Asked by user2670129 on via web

    1 educator answer.

  • Antigone
    The simple answer here is that the chorus in Antigone is not composed of Maenads. To help you as you study Greek tragedy, this answer will unpack your question and address the role of the chorus,...

    Asked by franchescajordan on via web

    1 educator answer.

  • Antigone
    This is an interesting question because Creon is usually not a character who is associated with bravery. Typically, Antigone is seen as the heroine in this story, even though her bravery ultimately...

    Asked by salimibrahim297 on via web

    1 educator answer.

  • Antigone
    Creon's view of women were very much grounded in the society in which Sophocles was raised. Ancient Athens was what is sometimes described as a strongly "homosocial" culture, one in which men...

    Asked by user7937041 on via web

    1 educator answer.

  • Antigone
    Antigone is one of the classic Greek tragedies and many contemporary plays continue to draw inspiration from it. In the play, Antigone faces off with Creon, the new king, who orders that she cannot...

    Asked by kristaxxx96 on via web

    1 educator answer.

  • Antigone
    In addition to the several excellent distinctions drawn in the previous post, we can take a thematic approach to distinguishing Julius Caesar and Antigone. While both plays deal with issues of...

    Asked by enotes on via web

    2 educator answers.

  • Antigone
    Antigone and Creon are opposed to each other in Antigone, but they both show their courage in a similar way. These characters represent different sides of a political dispute. Antigone values...

    Asked by munnjoseph08 on via web

    1 educator answer.

  • Letter from Birmingham City Jail
    Rule breakers come in a variety of forms. Possibly the first kind of rule breaker that comes to mind is a basic criminal. The connotation of criminality is that the laws being broken are in place...

    Asked by teresadiaz1997 on via web

    1 educator answer.

  • Antigone
    Among the many notable elements of Antigone that might be discussed in analyzing the play, we might look at (1) the essential and highly important thematic differences between the characters of...

    Asked by panastasi on via web

    1 educator answer.

  • Antigone
    The external conflict between Antigone and Ismene is detailed at the very start of Antigone. It begins when Antigone details to Ismene that: Creon buried our brother Eteocles / With military...

    Asked by sarahluvzcosmo on via web

    1 educator answer.

  • Antigone
    Antigone was not married and had no children. She is engaged to be married to Creon's son, Haemon, but because she is sentenced to death and ends up killing herself, Creon has taken away her chance...

    Asked by soccergurl1411 on via web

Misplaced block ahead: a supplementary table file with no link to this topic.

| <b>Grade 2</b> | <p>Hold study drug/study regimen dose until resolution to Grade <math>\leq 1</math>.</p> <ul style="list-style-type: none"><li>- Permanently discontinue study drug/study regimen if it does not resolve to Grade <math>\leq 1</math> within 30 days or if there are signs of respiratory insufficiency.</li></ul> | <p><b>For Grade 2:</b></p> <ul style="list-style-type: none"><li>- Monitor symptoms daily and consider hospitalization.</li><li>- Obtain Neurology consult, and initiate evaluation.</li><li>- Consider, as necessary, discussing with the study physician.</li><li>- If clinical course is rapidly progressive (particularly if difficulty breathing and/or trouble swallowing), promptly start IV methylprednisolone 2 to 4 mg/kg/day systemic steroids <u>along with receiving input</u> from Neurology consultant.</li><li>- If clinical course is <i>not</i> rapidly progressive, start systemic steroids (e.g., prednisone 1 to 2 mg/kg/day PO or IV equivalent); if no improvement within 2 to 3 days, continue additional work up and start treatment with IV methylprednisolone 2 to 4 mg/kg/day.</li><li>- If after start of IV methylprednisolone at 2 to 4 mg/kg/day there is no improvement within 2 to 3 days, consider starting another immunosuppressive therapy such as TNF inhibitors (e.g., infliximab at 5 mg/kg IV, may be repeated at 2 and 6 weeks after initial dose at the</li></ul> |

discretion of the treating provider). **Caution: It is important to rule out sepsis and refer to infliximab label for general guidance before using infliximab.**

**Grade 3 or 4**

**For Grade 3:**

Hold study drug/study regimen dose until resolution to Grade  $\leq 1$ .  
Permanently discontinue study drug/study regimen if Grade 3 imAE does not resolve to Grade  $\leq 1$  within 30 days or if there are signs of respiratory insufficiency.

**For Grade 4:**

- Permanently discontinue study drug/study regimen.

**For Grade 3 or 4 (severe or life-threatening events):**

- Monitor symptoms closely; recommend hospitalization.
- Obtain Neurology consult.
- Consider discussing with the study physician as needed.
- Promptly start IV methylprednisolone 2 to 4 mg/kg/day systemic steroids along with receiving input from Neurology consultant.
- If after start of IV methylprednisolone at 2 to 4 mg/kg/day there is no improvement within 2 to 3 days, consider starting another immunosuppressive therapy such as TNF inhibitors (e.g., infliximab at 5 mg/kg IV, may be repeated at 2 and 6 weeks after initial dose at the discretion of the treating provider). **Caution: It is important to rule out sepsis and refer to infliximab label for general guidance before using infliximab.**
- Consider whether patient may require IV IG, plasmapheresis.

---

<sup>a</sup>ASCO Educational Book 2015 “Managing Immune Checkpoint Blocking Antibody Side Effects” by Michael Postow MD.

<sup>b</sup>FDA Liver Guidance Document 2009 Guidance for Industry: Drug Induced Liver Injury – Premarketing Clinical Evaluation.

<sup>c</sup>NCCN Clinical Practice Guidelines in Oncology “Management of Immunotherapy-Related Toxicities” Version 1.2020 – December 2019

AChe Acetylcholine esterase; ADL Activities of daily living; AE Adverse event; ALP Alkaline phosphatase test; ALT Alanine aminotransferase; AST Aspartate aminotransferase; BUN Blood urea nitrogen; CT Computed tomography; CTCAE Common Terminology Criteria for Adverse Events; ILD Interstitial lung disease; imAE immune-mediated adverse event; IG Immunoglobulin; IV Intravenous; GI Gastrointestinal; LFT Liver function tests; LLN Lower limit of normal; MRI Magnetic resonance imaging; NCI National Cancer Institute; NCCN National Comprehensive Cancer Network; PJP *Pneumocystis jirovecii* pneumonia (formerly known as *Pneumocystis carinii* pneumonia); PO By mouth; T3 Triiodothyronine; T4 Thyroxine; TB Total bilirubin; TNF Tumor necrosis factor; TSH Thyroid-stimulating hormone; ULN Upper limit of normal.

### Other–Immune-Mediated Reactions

1 educator answer.

  • Antigone
    The conflict between Haimon and Creon mirrors a conflict that routinely occurs in the play, which is the conflict between the old and the new. This conflict reignites between Haimon and Creon....

    Asked by tiarudd62 on via web

    1 educator answer.

  • Antigone
    In the Greek tragedy Antigone by Sophocles, Creon's primary conflict is with himself, although he doesn't see it that way until the end of the play. He believes he is struggling with Antigone,...

    Asked by wildbandit15 on via web

    1 educator answer.

  • Antigone
    In the opening scene of Sophocles's drama, the discussion between Antigone and Ismene reveals different examples of conflict. As the drama opens, both sisters are struggling with the law that Creon...

    Asked by wildbandit15 on via web

    1 educator answer.

  • Antigone
    The question of whether Creon or Antigone acts with greater honor is a central issue in Sophocles' tragedy. The area of disagreement between the two characters is whether Polyneices, Antigone's...

    Asked by jcamer19 on via web

    1 educator answer.

  • Antigone
    As Sophocles' tragedy Antigone opens, Antigone is explaining to her sister, Ismene, what she plans to do and asks her to help. Antigone intends to give her fallen brother, Polyneices, a proper...

    Asked by user7091371 on via web

    1 educator answer.

  • Antigone
    To answer this question, it is helpful to look at the scene between Creon and the Sentry. When Creon tells a Sentry that his "very voice distresses" him, the Sentry responds: SENTRY: Are you sure...

    Asked by anasmartel on via web

    1 educator answer.

  • Antigone
    Greek plays were performed as part of religious ceremonies, and their goal was to teach the audience valuable lessons. In Antigone, Creon is guilty of extreme pride and stubborn arrogance. By...